One interesting property of the Gravity Express is that its transit time would always be very, very close to forty-two minutes regardless of the distance travelled. In fact, if the Earth were a perfect sphere, the trip time would always be exactly forty-two minutes and twelve seconds. Greater distances would be traversed in the same amount of time as short ones because the train's maximum speed would be increased enough to exactly make up the difference. Due to nature of gravity, this forty-two minute trip time would be consistent for any size of vehicle.

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2. That is interesting Dr,

It also raises an interesting question. Do you suppose "gravity holes" could be dug to act as a form of energy generation. The holes need not be but maybe a mile or two.

3. This really sounds very like the principles involved in many fair-ground rides. However if you are going to get anywhere in fourty two minutes, over the very long distances the top speed would have to be enormous and I can't help but feel that unless the train ran in a vacuum, overcoming the terminal velocity induced by air resistance would still require the use of sginificant amounts of fuel in order to meet the fourty two minute deadline. Is it realistic to build enormous tunnels that are vacuums?

One interesting property of the Gravity Express is that its transit time would always be very, very close to forty-two minutes
It makes you wonder if Douglas Adams knew more than he was letting on when he claimed the answer to life the universe and everything was fourty two.

4. Originally Posted by Rock
That is interesting Dr,

It also raises an interesting question. Do you suppose "gravity holes" could be dug to act as a form of energy generation. The holes need not be but maybe a mile or two.
Rock,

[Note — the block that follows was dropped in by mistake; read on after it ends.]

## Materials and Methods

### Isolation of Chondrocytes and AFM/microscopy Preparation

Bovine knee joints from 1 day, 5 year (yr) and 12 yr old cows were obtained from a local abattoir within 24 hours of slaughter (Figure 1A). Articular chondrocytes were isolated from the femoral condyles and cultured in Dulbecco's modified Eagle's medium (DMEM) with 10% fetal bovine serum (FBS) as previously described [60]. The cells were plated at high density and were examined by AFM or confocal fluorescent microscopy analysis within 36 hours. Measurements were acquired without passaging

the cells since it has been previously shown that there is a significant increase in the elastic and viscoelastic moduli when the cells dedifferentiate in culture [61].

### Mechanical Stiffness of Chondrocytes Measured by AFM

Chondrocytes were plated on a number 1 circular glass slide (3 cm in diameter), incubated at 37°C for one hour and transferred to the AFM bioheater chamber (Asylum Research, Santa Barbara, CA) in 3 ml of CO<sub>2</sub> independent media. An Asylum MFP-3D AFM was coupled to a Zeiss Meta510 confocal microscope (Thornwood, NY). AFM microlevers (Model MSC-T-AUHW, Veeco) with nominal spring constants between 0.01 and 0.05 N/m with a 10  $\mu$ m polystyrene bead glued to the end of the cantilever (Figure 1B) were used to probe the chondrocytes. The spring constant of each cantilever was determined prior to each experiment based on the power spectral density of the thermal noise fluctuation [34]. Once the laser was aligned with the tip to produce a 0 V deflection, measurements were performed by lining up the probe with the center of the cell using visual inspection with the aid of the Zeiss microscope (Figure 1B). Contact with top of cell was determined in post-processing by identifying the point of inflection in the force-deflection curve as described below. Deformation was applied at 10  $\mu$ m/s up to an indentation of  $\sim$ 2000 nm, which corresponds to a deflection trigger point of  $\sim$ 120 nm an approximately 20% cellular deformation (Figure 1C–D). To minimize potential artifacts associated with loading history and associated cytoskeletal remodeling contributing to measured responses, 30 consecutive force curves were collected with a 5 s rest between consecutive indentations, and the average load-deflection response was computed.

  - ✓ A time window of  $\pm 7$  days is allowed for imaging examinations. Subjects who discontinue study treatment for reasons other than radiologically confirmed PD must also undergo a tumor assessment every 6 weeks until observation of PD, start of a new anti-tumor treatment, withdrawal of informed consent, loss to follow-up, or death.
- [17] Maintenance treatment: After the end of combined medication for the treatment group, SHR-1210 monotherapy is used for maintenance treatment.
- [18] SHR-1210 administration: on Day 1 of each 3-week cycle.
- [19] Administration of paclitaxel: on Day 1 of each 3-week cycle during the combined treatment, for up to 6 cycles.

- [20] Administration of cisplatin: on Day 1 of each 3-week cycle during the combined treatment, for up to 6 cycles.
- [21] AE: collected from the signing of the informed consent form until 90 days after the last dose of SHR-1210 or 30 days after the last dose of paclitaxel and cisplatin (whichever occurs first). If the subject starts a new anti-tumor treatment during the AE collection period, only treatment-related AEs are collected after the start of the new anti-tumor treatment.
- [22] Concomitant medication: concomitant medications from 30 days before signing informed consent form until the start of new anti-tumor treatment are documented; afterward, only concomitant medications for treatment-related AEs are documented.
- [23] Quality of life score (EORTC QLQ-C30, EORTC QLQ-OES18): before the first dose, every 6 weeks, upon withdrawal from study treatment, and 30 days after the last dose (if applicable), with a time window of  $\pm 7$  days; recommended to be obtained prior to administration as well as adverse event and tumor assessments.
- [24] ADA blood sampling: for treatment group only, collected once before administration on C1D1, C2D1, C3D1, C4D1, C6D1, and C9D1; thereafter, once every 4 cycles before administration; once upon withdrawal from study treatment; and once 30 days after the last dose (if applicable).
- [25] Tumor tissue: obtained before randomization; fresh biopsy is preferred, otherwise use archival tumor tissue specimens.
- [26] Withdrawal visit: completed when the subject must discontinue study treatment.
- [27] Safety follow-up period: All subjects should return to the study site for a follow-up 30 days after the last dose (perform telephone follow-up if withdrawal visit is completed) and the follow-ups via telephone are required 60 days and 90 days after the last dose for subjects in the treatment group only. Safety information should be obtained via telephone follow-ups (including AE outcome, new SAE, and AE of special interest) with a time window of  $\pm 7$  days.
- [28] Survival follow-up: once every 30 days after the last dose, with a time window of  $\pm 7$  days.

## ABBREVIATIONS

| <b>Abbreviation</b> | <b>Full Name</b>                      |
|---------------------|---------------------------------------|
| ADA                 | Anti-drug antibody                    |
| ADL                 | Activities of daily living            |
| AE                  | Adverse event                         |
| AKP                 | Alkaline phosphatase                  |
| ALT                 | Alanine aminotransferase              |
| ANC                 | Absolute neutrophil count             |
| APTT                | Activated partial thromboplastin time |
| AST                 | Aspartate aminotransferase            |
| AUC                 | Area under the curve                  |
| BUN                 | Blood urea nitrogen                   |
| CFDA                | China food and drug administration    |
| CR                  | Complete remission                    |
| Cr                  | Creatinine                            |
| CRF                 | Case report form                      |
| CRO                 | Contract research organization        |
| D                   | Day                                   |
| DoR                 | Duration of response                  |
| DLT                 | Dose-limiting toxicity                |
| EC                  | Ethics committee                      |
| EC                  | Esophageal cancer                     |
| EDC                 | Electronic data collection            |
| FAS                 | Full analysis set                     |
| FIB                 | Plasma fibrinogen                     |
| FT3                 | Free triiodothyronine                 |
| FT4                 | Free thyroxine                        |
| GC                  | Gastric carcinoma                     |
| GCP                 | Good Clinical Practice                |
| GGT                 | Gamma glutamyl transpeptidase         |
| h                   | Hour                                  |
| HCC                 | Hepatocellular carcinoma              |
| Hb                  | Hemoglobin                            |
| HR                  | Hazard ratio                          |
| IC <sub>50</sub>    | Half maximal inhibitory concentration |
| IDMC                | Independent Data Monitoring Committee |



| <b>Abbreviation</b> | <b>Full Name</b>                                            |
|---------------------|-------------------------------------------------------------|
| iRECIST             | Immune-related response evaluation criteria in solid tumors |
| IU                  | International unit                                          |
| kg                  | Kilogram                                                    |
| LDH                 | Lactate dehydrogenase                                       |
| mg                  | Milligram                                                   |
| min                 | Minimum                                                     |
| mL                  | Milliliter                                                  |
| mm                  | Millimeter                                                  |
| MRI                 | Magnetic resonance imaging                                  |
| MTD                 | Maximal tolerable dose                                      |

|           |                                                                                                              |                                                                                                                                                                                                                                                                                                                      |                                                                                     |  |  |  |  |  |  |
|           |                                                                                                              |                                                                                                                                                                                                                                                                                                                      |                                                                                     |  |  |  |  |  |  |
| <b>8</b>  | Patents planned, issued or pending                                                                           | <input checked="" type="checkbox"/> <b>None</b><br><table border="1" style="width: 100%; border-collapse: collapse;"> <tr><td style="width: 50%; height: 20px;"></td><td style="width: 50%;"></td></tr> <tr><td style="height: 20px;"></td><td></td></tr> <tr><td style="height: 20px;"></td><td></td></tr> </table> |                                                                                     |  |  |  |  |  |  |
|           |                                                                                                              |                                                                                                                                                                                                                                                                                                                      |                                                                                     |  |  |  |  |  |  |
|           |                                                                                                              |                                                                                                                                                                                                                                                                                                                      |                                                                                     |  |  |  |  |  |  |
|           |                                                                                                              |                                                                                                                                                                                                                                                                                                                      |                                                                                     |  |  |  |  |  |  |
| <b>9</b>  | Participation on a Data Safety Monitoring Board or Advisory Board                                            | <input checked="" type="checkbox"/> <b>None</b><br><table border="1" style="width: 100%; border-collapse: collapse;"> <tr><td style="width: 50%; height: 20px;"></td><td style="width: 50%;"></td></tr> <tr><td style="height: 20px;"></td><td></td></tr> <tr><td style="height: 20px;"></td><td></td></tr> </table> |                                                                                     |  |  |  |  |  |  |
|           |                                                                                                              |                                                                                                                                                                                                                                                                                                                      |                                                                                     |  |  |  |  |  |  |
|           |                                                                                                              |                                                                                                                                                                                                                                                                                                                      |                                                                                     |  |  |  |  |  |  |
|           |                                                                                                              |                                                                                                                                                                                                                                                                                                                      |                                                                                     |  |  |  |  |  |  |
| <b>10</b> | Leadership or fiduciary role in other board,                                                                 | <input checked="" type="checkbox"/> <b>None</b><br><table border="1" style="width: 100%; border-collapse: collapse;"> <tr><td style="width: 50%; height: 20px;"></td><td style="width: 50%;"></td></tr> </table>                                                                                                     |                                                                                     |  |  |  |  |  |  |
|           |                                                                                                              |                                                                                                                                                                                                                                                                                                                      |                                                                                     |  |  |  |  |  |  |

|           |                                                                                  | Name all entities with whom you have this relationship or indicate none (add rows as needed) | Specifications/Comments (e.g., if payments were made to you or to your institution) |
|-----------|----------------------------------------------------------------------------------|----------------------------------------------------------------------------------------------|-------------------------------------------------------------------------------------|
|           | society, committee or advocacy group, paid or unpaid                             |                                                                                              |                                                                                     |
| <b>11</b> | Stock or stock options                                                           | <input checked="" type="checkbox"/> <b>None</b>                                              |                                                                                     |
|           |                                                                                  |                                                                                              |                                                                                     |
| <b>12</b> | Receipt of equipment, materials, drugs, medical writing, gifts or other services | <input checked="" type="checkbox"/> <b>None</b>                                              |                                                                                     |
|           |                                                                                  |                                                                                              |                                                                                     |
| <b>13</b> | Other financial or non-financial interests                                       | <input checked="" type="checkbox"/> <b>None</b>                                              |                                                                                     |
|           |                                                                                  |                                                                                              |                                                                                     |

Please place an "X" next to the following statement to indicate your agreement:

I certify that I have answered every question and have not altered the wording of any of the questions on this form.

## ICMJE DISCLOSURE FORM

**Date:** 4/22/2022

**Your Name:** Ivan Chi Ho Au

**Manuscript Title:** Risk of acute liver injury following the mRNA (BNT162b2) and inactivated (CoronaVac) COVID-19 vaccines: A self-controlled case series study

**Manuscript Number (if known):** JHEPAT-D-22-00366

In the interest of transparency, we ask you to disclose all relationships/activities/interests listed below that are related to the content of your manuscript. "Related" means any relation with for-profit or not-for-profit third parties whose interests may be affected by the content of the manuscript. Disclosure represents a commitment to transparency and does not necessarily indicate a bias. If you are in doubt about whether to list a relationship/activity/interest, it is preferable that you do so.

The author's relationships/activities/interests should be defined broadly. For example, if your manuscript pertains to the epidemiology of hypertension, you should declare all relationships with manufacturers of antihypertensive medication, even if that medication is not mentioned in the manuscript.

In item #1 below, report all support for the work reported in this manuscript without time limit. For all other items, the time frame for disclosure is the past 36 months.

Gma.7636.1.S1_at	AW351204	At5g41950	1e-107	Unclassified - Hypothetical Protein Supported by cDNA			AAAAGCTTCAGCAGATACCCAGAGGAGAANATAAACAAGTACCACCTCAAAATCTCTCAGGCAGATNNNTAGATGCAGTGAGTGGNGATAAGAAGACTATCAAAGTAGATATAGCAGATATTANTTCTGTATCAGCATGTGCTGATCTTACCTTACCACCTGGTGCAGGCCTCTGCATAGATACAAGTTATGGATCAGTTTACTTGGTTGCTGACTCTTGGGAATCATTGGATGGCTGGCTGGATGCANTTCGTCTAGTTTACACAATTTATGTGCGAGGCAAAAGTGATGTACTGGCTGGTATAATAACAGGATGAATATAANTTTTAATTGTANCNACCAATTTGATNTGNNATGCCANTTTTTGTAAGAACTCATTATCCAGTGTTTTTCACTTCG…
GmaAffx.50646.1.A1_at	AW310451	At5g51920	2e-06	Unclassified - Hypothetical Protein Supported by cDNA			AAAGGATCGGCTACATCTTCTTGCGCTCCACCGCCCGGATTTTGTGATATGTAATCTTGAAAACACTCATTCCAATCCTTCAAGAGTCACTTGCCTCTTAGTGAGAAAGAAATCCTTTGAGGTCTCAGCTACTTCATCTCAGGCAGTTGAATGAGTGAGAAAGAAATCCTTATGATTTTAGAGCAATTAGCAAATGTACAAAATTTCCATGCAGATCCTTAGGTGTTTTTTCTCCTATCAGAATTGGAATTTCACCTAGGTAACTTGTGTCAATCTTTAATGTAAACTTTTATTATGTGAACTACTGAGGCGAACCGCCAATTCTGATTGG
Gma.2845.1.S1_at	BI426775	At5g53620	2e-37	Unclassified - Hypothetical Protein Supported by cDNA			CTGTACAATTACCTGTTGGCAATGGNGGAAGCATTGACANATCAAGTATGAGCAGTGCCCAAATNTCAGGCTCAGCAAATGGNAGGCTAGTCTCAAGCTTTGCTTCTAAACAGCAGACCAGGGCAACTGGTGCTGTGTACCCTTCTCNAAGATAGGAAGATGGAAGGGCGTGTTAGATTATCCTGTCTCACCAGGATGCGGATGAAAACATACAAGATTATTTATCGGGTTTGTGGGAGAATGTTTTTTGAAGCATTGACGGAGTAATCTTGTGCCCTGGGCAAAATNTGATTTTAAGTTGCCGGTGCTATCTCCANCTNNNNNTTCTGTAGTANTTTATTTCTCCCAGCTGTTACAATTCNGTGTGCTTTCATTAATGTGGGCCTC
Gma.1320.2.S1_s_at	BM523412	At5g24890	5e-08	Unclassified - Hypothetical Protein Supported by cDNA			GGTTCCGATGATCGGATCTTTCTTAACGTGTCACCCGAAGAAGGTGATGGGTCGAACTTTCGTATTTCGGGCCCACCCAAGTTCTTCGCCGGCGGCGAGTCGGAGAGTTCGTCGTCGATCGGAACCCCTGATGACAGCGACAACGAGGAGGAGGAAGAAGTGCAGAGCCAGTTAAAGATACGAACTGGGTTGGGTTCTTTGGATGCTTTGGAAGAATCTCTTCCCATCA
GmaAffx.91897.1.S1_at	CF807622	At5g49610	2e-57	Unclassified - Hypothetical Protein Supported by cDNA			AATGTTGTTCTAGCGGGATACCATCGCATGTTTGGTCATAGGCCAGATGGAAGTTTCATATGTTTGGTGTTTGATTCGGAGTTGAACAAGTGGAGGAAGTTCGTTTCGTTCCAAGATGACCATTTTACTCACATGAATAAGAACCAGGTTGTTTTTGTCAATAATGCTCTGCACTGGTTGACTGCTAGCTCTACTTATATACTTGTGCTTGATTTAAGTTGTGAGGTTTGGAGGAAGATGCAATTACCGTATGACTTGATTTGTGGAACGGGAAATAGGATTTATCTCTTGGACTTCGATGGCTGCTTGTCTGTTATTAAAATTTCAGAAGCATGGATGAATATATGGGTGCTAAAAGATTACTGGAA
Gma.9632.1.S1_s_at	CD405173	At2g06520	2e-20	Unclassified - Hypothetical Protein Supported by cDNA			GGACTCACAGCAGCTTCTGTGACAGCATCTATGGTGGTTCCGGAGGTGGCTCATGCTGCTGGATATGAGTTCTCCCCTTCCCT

You have proposed an interesting idea but, as somebody much wiser than me once said, "there ain't no free lunch." To dig the hole, you would have to expend energy moving the contents of the hole out. Yes, if you then drop mass down the hole and use the impact energy at the bottom of the hole, you can generate the energy but the hole would simply fill up with the mass. Then you would have to expend the energy to remove that mass. It would be a wash.

Gravity holes are a potential approach of storing energy, however. For example, if one could harness the impact of an asteroid to make a hole and then regain the energy from filling up the hole, it may provide a source of energy but controlling that source is messy. There are probably easier and simpler ways to store energy. For example, that is what batteries do. We create energetic electron "holes" and the movement of electrons to those "holes" provide us with the energy that we use to run our cell phones and computers.

Wise.

This really sounds very like the principles involved in many fair-ground rides. However if you are going to get anywhere in fourty two minutes, over the very long distances the top speed would have to be enormous and I can't help but feel that unless the train ran in a vacuum, overcoming the terminal velocity induced by air resistance would still require the use of sginificant amounts of fuel in order to meet the fourty two minute deadline. Is it realistic to build enormous tunnels that are vacuums?

It makes you wonder if Douglas Adams knew more than he was letting on when he claimed the answer to life the universe and everything was fourty two.
Adrian, vacuums are only necessary if you are moving masses that can generate air resistance. If you are using a beam of light, for example, the photons do not hit enough air molecules to lose much of their energy.

Your question, however, raises an interesting question. One way of reducing air resistance is to generate air movement in the hole. Suppose, for example, you dig a hole through the earth and suck air through the hole when you want to send something through the hole from the other end. By the way, you can recapture some of the energy of the air if you blow the output of your vacuum pump onto a windmill.